Even though new varieties of ad fraud will certainly emerge in 2016, the exact form they will take is difficult to predict. This is because bad actors and the platforms that they corrupt are constantly evolving.
Cyber criminals can be sophisticated opponents, dexterous, and quick to adapt. With every step forward the advertising industry takes in identifying and diminishing fraud -- for example, ad exchanges chipping away at botnet traffic -- fraudsters look to reduce their footprint, and slip under the radar.
As technology evolves in 2016, new platforms continue to emerge that we may assume are safe, but we must stay vigilant; by making this assumption we may in fact be providing safe harbor.
Mobile ad fraud on the rise
Throughout 2015, a brunt of the advertising community's focus was placed on desktop fraud. Great start -- but we've only scratched the surface.
A recent study by AppLift found that 34 percent of mobile inventory was likely served to non-human audiences. The IAB recently revealed that advertisers lose more than $8 billion a year to digital fraud -- and 28 percent of that fraud happens on mobile platforms. But potentially, mobile ad fraud could be costing advertisers even more than that estimated figure.
Mobile advertising is newer to the ecosystem and was initially assumed to be 100 percent safe -- a notion that was dispelled in 2015. Earlier this year, we found that advertisers were losing upwards of $850 million a year via mobile device hijacking: ad-fraud vehicles approved by major app stores. What makes these "zombie apps" so insidious is that they appear normal to the naked eye and provide utility, while simultaneously running upwards of 16,000 ads in the background over the course of one day. This impacts the consumer as well, draining battery life and devouring data plans.
Now that the alarm has sounded, most anti-fraud vendors are in the process of formulating mobile ad fraud detection techniques. But we are still in the early stages of detection and prevention.
According toeMarketer, mobile ad spending in 2015 was projected to increase by 50 percent, reaching almost $30 billion in the United States alone. And mobile is only going to become a larger portion of the advertising ecosystem. Moving forward, eMarketer estimates that mobile will make up 66.6 percent of the digital ad spend come 2017, rising to $49.81 billion. With the increase of spending in mobile and the demand for more inventory, fraud will increase. As much as digital fraud evolves, one thing remains constant: criminals always follow the money.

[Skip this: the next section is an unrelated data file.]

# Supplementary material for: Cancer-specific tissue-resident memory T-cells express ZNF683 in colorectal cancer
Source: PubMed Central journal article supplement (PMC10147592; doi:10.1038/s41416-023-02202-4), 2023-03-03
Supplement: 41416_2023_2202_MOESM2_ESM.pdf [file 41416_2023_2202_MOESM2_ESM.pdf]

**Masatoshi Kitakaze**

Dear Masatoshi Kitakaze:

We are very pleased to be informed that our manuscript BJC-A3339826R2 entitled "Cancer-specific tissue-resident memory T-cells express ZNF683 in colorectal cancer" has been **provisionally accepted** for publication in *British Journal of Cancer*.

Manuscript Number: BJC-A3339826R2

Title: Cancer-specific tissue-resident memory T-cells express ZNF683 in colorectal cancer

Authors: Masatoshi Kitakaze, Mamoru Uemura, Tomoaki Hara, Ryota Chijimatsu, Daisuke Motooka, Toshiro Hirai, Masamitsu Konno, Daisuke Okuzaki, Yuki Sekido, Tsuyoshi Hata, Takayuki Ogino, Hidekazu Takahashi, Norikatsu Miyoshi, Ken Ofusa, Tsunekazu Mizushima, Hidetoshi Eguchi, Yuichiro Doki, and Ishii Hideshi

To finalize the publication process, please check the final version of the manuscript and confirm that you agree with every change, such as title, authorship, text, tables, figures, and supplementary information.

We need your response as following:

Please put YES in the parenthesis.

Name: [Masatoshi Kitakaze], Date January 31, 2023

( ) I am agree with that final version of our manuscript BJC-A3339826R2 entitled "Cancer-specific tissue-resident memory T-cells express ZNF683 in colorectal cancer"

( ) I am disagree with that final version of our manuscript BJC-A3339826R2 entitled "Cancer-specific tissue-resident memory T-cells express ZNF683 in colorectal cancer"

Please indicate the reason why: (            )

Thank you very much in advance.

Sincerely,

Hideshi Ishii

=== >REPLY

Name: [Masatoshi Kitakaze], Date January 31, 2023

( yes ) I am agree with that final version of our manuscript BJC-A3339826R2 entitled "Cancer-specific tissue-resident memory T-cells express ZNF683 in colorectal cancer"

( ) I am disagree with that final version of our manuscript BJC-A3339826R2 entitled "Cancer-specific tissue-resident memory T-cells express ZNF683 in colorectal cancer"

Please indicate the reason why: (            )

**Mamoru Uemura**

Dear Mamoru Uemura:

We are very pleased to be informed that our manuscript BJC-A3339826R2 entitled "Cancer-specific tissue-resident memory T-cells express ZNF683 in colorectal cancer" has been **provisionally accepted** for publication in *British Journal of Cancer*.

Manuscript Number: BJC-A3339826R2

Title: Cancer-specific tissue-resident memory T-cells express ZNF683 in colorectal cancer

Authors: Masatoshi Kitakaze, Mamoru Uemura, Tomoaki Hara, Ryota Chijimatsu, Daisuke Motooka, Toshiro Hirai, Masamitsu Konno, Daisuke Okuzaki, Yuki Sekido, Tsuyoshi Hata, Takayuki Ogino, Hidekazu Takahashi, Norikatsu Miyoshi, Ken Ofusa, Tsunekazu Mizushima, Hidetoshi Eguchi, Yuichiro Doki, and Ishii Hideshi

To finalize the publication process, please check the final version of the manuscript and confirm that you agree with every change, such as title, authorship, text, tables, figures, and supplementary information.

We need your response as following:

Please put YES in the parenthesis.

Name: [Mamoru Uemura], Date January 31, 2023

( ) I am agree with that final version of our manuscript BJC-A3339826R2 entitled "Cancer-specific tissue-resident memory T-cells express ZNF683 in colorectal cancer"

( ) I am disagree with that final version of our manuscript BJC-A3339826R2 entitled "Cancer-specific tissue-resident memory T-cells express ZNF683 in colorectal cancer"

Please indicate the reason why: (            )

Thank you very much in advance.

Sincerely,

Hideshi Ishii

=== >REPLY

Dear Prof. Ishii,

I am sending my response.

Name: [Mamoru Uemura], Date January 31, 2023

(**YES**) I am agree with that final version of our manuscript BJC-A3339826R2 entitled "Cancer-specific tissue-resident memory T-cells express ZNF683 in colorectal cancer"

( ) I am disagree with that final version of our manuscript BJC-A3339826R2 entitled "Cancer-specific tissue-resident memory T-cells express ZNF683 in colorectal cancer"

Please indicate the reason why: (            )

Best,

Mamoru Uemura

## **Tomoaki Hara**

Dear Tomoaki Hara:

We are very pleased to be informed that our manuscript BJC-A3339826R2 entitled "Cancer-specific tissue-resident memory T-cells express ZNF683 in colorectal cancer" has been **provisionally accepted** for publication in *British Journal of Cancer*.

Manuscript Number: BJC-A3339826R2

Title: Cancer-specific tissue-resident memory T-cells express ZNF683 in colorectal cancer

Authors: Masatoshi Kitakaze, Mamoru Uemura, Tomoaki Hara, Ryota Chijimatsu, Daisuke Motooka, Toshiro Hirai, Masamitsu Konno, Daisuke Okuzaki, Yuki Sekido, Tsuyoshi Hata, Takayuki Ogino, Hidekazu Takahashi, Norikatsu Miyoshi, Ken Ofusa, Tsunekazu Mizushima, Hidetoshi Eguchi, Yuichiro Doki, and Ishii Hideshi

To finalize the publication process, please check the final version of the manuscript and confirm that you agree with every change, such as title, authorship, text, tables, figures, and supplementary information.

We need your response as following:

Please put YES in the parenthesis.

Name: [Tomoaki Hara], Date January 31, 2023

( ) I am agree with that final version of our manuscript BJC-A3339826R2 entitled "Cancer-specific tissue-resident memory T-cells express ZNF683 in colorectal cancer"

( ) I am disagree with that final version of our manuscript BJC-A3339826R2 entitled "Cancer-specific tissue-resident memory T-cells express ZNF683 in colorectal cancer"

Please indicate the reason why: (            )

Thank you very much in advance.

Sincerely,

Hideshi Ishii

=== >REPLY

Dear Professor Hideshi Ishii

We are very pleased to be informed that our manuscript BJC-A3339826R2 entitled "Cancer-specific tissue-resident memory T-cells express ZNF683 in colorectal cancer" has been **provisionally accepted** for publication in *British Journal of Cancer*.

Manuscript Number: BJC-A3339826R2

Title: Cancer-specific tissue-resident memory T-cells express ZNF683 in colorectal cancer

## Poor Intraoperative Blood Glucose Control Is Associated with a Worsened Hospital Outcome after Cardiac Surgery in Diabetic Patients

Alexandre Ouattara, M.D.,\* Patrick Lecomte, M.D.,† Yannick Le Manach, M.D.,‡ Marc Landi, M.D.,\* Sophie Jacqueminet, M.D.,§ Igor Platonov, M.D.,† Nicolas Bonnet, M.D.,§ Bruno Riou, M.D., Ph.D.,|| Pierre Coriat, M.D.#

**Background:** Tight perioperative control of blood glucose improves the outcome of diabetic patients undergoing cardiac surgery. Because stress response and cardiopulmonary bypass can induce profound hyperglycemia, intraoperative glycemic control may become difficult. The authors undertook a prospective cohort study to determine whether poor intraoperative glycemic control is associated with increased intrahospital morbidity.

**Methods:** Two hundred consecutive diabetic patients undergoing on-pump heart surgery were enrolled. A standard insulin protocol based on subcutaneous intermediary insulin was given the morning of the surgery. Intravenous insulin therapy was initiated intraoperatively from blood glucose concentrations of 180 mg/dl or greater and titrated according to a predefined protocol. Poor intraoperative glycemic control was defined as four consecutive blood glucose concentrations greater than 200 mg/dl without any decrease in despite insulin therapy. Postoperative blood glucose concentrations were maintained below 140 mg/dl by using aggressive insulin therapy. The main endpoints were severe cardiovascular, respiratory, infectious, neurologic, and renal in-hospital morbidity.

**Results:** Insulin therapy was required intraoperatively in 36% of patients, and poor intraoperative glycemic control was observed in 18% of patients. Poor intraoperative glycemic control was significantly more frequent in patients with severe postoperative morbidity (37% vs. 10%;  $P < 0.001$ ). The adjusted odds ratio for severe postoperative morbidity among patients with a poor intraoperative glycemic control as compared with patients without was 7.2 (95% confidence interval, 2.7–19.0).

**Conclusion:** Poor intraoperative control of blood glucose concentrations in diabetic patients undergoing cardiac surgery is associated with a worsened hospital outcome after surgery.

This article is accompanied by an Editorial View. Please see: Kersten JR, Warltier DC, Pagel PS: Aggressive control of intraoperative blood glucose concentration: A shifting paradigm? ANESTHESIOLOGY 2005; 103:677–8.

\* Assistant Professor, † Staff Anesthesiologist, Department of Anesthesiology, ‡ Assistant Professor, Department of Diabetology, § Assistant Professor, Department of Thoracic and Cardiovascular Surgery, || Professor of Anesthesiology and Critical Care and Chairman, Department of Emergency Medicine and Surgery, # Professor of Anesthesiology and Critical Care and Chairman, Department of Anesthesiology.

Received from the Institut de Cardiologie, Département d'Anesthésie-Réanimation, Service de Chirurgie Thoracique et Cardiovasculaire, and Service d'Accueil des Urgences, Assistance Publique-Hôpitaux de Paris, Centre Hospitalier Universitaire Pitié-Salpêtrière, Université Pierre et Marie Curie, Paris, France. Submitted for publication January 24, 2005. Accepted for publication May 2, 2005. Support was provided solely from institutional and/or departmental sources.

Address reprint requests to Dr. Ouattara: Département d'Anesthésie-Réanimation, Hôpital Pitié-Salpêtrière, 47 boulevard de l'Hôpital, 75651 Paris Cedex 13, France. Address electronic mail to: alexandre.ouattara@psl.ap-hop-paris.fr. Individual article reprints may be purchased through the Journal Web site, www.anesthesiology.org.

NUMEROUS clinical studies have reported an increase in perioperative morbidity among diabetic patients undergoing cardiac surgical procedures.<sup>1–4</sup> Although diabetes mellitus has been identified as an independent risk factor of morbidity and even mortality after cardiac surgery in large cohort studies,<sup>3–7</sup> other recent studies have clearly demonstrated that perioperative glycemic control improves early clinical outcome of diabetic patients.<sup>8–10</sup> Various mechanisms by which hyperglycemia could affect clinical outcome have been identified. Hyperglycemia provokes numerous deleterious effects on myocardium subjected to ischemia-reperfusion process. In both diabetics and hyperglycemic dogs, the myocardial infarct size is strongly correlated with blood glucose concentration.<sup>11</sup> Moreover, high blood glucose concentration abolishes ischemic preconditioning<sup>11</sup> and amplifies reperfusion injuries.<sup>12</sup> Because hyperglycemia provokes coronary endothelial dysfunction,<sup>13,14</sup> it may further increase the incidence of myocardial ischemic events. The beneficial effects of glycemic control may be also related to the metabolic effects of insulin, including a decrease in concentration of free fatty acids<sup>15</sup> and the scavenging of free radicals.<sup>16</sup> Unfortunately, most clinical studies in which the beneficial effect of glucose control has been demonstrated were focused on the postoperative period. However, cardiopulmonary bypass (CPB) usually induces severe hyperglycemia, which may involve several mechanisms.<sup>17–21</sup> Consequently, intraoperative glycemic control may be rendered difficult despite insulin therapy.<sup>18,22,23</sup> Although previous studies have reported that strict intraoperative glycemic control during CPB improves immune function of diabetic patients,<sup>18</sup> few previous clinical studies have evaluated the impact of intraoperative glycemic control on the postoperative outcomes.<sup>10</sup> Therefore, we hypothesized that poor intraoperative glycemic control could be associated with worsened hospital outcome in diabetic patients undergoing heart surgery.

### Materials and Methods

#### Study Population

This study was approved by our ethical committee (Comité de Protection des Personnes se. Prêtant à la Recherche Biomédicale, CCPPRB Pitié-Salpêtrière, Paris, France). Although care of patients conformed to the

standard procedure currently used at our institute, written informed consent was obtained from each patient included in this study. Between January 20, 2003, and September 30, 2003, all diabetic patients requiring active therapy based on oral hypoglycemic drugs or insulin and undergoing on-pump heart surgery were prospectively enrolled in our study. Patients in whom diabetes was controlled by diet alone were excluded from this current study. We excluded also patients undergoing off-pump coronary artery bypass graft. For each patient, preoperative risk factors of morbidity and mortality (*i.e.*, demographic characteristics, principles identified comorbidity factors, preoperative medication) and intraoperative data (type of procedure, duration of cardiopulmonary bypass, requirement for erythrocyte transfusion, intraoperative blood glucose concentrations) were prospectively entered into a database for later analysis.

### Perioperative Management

The Internet of Things is susceptible to fraud, as well
The Internet of Things (IoT) roughly translates to any device that is able to connect and transmit data through the internet. Even though 87 percent of people haven't heard of the term, there are currently 4.9 billion connected objects and devices, and there will be upwards of 50 billion come 2020. Suffice it to say, the ecosystem is growing rapidly and significantly. While it might be hard to think of home security systems, smart TVs, wearables, and smart refrigerators as being susceptible to digital fraud, they can be prime targets for future cyber criminal exploits.
There has been a renaissance of technology, but that renaissance has also expanded the types of potential abuse. It's now easier to find targets simply because there are so many of them. In addition, there are tools to help; for example, the search engine, Shodan, facilitates the ability to find potentially unlocked connected devices. And if it is a computer, then cyber criminals can run code on it. Ten years ago, no one would have thought that a refrigerator would need to connect to the internet, but today your refrigerator could silently be an accomplice to ad fraud.
And then comes the issue of ad blocking
Of course, advertisers are also experimenting with the IoT. Vizio's Smart TV, for example, connects its owner's home internet networks so that it can then sell the information garnered from the consumer's TV use to advertisers for better targeting.
In turn, the spread of these techniques -- from IoT interference, mobile hijacking, and ad injectors -- will lead to a rise in ad blockers and anti-tracking techniques.
Ad blockers are particularly popular in Europe, where they are anticipated to reach 50 percent proliferation in 2016. This is welcome news to ad blocking firms as they look to build their businesses in the new year.
While ad blocking is certainly within the aegis of consumers' rights, it could also lead to an increase in fraud to fill the gap in inventory demand created by ad blockers. All of these patterns stress the increased need for fraud detection and verification technology.
But it's not all bad
Even though the evolving advertising ecosystem opens us up to new and sophisticated forms of ad fraud, there is no need to lose hope. Discovering new forms of digital fraud is actually a good thing. In this cat and mouse game of eliminating online advertising fraud, awareness is our most valuable currency. Vigilance in detecting ad fraud in all of its shifting forms is the only way to combat, and hopefully eradicate it.
Industry leaders have already begun making headway to regulate the ecosystem in the new year. Not only will this past October's TAG initiative help make fraud more easily identifiable, but the Media Rating Council's 2015 invalid traffic detection and filtration guidelines will also help in the standardization of fraud detection in 2016. Furthermore, the fact that companies certified for sophisticated IVT detection will be reviewed every six months instead of the usual annual review attests to the pace of change in the industry.
We can't see the full picture of what lies ahead in this ever-changing arena, but have faith: With new forms of fraud comes a new, dynamic set of solutions.
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